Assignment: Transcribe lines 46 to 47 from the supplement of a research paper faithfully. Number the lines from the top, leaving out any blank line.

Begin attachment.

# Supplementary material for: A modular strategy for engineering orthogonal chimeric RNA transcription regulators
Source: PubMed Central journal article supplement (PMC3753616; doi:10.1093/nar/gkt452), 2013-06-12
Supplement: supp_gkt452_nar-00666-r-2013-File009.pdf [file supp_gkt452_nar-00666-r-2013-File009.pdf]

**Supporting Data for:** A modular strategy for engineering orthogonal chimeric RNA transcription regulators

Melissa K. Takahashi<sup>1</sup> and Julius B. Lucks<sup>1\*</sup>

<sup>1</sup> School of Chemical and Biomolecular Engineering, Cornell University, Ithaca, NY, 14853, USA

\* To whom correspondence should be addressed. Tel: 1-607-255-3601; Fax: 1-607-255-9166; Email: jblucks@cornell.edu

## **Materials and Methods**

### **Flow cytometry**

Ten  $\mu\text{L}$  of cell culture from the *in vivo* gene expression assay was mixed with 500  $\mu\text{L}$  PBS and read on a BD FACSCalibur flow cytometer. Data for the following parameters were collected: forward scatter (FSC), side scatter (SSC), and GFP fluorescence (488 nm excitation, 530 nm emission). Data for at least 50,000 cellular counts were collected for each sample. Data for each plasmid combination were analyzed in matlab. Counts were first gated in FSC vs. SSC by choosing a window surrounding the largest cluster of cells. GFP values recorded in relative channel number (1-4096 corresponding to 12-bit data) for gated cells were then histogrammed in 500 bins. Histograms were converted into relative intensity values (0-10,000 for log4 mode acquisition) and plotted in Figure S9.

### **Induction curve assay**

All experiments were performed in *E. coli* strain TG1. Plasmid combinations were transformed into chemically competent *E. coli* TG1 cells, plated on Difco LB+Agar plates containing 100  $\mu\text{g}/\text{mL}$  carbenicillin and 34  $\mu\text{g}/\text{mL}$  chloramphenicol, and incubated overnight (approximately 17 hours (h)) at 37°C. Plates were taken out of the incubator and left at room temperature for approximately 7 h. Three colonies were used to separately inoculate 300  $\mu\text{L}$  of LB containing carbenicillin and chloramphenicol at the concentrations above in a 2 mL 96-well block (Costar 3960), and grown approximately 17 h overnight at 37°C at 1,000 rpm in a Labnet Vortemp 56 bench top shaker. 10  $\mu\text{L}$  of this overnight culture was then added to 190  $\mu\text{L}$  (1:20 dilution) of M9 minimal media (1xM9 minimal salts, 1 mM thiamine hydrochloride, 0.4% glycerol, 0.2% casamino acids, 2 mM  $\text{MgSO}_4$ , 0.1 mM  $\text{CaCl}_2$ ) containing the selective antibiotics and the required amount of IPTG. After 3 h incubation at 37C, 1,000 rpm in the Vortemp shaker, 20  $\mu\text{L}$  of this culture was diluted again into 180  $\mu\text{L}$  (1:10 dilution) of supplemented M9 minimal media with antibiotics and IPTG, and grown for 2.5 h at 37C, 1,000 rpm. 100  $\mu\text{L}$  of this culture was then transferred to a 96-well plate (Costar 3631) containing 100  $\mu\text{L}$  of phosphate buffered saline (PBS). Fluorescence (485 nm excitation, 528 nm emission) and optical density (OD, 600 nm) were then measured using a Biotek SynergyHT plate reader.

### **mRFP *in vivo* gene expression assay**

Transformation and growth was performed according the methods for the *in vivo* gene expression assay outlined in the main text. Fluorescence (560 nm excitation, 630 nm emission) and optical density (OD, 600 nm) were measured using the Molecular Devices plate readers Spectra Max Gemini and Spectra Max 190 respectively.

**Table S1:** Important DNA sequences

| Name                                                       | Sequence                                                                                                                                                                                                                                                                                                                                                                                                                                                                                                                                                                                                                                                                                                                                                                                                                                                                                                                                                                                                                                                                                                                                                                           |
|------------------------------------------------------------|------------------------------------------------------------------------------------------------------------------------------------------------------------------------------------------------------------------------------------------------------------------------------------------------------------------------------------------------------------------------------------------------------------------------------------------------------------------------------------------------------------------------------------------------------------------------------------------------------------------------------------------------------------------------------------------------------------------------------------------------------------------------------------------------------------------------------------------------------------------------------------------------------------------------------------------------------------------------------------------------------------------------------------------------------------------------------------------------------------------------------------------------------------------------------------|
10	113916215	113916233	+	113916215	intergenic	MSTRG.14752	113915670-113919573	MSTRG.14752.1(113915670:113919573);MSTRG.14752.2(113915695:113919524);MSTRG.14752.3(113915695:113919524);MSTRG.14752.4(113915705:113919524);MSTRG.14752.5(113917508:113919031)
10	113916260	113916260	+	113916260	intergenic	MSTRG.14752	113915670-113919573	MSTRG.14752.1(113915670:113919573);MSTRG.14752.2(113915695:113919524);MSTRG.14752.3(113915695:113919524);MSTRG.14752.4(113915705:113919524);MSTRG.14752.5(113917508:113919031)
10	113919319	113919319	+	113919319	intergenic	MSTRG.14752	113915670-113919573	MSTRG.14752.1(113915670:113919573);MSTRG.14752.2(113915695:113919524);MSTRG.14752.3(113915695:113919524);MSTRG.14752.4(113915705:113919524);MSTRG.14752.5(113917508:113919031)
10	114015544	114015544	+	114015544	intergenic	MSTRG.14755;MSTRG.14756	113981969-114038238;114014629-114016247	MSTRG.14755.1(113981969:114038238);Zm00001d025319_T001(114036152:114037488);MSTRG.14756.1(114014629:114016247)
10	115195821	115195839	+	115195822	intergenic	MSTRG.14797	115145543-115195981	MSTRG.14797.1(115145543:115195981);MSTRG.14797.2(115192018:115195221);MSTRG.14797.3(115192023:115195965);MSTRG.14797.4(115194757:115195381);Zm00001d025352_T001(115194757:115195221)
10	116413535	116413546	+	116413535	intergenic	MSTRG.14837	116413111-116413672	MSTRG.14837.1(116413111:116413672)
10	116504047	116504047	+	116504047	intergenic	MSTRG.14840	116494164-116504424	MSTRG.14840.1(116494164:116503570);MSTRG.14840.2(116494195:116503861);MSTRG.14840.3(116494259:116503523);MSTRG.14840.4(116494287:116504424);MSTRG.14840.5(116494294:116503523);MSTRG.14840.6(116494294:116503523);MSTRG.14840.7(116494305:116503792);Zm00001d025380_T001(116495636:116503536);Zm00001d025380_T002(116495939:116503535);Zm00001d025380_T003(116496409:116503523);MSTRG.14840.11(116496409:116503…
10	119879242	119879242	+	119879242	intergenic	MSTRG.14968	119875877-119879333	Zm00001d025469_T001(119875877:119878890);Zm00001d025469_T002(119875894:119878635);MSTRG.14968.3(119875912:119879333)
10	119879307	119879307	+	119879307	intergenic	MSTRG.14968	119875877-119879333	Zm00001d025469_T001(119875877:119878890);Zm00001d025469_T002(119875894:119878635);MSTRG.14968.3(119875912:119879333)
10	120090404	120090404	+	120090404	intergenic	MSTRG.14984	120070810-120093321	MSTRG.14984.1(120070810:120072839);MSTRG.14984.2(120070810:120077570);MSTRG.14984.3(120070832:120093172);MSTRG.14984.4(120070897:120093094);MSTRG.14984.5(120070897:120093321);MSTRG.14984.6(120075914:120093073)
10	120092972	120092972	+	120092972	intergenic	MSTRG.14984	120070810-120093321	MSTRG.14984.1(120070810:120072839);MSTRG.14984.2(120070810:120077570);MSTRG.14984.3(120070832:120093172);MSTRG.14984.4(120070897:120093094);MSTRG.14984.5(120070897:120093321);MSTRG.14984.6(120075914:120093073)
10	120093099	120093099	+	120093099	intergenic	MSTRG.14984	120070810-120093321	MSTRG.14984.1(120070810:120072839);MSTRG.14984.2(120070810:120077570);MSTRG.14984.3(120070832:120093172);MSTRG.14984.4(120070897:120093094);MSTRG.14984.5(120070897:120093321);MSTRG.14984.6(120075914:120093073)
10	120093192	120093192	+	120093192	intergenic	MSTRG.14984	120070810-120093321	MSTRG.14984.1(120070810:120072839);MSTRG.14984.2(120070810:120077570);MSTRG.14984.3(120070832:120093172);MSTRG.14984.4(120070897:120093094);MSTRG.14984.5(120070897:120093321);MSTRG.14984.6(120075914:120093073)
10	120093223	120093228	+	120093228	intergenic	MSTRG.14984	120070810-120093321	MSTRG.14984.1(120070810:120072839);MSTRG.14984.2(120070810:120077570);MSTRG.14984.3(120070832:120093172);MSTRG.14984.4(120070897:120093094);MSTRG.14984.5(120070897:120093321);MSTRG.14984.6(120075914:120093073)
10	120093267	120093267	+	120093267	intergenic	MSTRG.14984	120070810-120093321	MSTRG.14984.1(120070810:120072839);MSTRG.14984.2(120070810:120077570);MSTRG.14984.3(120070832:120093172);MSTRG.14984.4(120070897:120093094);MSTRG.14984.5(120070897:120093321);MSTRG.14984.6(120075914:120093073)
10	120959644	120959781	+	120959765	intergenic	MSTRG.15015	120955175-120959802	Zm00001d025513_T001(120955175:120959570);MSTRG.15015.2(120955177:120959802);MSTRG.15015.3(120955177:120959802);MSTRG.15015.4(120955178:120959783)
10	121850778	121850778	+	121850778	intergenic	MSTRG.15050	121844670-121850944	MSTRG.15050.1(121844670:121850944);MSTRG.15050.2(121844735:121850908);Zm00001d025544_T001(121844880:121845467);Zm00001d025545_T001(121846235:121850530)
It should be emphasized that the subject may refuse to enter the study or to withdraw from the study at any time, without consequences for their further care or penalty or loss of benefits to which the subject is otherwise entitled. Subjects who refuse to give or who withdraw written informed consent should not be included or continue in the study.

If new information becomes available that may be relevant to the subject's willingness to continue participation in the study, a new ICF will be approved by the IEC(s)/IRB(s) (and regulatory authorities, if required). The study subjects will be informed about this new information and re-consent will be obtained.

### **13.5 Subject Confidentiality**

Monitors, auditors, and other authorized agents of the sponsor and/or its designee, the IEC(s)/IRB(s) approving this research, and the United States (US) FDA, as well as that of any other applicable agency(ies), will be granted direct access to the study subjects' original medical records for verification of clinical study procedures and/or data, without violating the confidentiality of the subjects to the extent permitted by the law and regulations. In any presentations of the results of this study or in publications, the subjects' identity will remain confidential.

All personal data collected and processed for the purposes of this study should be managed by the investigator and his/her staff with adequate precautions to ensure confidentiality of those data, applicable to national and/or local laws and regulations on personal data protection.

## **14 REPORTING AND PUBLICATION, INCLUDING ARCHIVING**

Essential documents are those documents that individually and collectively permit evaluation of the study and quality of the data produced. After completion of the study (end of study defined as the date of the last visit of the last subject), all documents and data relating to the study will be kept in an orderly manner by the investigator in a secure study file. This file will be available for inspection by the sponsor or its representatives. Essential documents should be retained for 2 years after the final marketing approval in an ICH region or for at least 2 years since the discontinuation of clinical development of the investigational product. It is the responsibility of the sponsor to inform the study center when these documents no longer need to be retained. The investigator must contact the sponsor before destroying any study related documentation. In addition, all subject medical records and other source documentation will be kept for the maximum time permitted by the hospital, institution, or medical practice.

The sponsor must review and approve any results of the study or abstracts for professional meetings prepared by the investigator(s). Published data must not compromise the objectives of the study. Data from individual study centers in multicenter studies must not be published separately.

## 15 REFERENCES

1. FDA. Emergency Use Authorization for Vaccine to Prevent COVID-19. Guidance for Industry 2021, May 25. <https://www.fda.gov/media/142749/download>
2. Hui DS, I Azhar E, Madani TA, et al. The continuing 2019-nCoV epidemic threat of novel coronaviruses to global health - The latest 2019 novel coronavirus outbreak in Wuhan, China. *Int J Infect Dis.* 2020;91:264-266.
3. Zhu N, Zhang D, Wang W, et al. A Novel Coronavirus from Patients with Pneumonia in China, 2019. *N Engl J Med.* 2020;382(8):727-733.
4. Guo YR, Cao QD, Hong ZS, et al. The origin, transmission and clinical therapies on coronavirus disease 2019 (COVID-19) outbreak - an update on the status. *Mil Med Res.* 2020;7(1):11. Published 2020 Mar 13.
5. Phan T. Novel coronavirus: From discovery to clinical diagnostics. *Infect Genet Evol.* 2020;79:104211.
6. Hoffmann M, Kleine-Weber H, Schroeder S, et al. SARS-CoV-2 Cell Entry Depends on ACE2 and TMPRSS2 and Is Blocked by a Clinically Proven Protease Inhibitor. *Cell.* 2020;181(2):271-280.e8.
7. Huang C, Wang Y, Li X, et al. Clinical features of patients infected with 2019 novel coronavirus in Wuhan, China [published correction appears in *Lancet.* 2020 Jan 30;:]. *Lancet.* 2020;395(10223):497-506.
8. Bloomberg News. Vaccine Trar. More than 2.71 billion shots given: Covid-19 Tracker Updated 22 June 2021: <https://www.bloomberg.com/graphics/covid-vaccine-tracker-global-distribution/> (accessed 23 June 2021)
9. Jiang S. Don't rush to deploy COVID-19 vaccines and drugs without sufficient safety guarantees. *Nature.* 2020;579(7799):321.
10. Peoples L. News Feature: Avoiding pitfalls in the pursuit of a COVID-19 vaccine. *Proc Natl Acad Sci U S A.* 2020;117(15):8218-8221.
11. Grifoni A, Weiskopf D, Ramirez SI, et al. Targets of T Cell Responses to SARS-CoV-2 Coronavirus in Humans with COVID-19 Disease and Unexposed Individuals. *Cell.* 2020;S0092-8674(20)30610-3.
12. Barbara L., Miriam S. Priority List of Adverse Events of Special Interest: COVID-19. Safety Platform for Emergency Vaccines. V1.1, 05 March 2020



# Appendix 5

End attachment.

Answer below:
3. Zhu N, Zhang D, Wang W, et al. A Novel Coronavirus from Patients with Pneumonia in China, 2019. *N Engl J Med.* 2020;382(8):727-733.
4. Guo YR, Cao QD, Hong ZS, et al. The origin, transmission and clinical therapies on coronavirus disease 2019 (COVID-19) outbreak - an update on the status. *Mil Med Res.* 2020;7(1):11. Published 2020 Mar 13.